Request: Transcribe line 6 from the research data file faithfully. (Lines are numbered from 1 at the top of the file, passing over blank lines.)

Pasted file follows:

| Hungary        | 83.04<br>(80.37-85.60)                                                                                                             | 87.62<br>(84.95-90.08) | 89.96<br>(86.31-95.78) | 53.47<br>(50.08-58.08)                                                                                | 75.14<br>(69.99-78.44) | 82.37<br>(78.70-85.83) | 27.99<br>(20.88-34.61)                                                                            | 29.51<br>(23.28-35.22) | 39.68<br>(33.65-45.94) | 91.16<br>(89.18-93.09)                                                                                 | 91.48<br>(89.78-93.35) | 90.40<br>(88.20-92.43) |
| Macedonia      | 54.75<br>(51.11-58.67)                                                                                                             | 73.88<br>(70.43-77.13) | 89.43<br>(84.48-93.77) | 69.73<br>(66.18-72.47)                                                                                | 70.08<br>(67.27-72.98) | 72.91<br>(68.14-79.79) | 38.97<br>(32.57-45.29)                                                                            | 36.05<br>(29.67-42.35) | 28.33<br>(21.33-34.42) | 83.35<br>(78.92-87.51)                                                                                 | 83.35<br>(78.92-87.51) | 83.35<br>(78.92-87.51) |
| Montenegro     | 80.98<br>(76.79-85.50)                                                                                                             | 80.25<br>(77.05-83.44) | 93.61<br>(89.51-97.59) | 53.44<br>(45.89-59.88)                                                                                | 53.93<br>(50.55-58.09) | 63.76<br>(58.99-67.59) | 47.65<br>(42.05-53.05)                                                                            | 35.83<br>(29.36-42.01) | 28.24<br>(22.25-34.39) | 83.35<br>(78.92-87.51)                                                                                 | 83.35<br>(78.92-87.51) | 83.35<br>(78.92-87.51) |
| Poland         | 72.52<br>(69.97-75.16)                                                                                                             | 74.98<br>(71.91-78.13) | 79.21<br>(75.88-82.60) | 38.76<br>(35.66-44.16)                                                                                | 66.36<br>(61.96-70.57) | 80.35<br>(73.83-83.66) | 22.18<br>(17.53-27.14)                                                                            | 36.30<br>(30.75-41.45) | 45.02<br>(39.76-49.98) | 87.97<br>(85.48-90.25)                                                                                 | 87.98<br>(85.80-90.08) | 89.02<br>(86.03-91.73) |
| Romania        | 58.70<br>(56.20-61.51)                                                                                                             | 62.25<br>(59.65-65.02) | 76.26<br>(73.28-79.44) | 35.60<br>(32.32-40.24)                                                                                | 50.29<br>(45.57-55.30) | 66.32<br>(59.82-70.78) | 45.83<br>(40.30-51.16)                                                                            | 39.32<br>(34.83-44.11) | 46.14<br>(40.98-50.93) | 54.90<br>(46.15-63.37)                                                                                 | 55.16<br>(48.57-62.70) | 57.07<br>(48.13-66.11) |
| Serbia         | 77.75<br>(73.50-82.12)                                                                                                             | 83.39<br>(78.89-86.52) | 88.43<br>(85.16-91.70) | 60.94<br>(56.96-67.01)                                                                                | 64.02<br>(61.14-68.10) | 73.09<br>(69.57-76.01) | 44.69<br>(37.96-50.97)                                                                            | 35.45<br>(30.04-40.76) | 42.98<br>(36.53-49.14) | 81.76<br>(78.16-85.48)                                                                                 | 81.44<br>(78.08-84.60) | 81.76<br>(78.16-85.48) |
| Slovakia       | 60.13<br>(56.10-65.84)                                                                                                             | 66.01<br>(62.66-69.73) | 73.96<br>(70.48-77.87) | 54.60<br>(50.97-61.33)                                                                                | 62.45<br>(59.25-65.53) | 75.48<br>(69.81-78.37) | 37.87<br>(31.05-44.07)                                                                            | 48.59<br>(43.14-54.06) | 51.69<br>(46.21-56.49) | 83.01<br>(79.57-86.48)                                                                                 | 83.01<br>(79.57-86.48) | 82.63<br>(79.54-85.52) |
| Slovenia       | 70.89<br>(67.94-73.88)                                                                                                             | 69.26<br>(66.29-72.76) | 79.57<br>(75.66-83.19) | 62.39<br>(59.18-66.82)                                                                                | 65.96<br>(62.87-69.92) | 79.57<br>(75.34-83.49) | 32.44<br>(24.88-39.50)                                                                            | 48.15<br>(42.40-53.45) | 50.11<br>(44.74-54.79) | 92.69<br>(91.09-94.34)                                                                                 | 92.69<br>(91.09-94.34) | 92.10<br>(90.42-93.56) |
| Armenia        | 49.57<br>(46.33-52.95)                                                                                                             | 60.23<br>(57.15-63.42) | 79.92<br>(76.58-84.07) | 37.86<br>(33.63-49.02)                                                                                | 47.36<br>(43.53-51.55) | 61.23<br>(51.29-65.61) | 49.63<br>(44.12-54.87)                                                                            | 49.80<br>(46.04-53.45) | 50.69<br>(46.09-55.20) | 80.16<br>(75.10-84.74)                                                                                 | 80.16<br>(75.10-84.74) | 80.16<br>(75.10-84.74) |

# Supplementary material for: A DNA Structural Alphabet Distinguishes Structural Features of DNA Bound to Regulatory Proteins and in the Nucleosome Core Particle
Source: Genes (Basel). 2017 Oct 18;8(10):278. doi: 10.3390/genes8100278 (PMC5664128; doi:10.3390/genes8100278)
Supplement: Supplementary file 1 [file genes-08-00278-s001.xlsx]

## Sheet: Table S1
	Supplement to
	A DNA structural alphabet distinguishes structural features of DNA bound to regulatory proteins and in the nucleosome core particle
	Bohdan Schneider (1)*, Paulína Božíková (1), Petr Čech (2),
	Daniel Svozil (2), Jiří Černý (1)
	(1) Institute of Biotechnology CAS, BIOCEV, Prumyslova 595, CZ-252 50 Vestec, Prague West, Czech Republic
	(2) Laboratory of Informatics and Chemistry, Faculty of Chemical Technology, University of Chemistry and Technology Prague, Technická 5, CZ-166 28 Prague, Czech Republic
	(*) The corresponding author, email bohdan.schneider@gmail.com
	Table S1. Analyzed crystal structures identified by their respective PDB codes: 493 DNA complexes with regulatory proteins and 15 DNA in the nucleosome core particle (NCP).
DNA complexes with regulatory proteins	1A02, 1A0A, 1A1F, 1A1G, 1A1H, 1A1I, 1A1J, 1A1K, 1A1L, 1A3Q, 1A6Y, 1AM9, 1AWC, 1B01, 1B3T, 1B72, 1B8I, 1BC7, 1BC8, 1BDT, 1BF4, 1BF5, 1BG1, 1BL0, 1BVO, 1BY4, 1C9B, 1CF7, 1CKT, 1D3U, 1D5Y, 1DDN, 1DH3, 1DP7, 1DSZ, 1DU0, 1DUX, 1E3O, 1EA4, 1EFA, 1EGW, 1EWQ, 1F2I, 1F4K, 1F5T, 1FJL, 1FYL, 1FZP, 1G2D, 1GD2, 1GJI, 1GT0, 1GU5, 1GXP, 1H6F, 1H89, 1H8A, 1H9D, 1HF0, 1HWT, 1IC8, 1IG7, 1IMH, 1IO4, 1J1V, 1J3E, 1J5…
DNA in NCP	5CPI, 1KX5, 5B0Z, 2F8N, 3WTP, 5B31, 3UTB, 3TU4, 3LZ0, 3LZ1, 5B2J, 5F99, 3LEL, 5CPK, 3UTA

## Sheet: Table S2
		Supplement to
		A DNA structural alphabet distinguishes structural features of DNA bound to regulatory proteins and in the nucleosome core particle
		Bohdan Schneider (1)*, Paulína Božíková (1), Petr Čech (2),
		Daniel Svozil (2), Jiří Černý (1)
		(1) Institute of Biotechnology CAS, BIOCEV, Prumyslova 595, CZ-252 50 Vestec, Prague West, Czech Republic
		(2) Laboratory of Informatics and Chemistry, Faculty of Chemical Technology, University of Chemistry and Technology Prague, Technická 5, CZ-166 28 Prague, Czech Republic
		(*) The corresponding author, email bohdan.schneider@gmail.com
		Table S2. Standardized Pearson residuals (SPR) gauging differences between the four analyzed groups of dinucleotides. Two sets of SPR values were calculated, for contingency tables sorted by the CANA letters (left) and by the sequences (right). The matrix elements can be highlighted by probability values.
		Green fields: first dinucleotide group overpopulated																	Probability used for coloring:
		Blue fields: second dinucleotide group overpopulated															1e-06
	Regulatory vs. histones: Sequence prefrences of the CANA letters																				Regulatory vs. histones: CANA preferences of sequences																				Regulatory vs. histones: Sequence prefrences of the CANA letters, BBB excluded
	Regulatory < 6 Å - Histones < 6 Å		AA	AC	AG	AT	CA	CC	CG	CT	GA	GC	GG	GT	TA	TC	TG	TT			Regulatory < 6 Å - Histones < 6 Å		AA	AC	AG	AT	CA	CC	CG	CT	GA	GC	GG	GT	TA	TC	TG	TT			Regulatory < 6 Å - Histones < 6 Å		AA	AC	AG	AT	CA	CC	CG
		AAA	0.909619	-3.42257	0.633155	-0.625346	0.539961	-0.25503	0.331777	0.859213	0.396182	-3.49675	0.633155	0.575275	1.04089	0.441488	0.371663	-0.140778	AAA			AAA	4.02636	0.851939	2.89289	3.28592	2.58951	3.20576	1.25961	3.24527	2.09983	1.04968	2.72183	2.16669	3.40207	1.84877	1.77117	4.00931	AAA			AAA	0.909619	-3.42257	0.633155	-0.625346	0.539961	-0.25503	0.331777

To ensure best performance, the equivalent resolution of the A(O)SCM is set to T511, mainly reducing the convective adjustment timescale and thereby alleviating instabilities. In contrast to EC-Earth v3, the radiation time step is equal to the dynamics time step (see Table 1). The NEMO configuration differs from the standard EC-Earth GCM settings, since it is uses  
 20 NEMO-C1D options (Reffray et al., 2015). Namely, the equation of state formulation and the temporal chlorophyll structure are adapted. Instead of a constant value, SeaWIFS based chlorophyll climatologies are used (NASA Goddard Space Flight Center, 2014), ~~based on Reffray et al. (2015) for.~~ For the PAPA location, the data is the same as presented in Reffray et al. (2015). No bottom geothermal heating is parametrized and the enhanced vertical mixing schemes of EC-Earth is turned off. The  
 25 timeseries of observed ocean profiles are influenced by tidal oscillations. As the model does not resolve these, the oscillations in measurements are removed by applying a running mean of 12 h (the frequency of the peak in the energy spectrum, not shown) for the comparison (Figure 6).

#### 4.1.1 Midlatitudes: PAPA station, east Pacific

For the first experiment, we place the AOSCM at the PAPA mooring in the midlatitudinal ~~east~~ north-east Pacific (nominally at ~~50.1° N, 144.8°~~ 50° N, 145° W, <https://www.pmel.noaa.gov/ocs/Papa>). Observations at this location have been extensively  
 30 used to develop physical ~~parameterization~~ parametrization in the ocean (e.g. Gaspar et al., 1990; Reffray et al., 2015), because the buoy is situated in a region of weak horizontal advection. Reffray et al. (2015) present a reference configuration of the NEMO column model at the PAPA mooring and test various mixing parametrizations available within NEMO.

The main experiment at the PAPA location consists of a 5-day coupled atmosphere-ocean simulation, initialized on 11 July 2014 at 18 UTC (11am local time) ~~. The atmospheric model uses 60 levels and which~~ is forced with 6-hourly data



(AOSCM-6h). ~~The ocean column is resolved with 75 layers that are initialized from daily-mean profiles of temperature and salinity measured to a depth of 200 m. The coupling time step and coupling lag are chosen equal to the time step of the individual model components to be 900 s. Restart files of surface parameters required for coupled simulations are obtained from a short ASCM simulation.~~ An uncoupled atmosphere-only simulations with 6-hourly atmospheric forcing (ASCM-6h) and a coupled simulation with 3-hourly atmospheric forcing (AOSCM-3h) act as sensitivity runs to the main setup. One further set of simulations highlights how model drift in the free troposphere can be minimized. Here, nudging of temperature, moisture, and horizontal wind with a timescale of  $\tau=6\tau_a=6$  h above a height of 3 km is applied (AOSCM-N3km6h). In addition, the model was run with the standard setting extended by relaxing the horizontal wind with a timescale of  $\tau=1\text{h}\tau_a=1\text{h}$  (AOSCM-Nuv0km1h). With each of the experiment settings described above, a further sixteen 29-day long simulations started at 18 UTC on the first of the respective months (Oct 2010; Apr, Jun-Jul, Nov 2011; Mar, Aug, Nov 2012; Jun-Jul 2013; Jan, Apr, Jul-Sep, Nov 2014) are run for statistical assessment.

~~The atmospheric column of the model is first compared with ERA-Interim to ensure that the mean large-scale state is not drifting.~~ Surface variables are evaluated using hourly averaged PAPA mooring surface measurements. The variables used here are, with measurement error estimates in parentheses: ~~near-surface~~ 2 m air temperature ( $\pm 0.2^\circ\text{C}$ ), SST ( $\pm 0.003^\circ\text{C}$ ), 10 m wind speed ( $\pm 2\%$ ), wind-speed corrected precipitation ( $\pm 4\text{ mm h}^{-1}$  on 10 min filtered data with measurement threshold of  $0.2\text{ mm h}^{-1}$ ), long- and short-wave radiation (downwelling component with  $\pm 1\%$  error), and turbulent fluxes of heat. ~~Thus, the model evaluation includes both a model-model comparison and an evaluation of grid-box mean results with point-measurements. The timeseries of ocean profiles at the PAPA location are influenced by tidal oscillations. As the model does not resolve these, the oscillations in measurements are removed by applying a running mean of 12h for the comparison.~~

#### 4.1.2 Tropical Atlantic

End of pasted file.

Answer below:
| Serbia         | 77.75<br>(73.50-82.12)                                                                                                             | 83.39<br>(78.89-86.52) | 88.43<br>(85.16-91.70) | 60.94<br>(56.96-67.01)                                                                                | 64.02<br>(61.14-68.10) | 73.09<br>(69.57-76.01) | 44.69<br>(37.96-50.97)                                                                            | 35.45<br>(30.04-40.76) | 42.98<br>(36.53-49.14) | 81.76<br>(78.16-85.48)                                                                                 | 81.44<br>(78.08-84.60) | 81.76<br>(78.16-85.48) |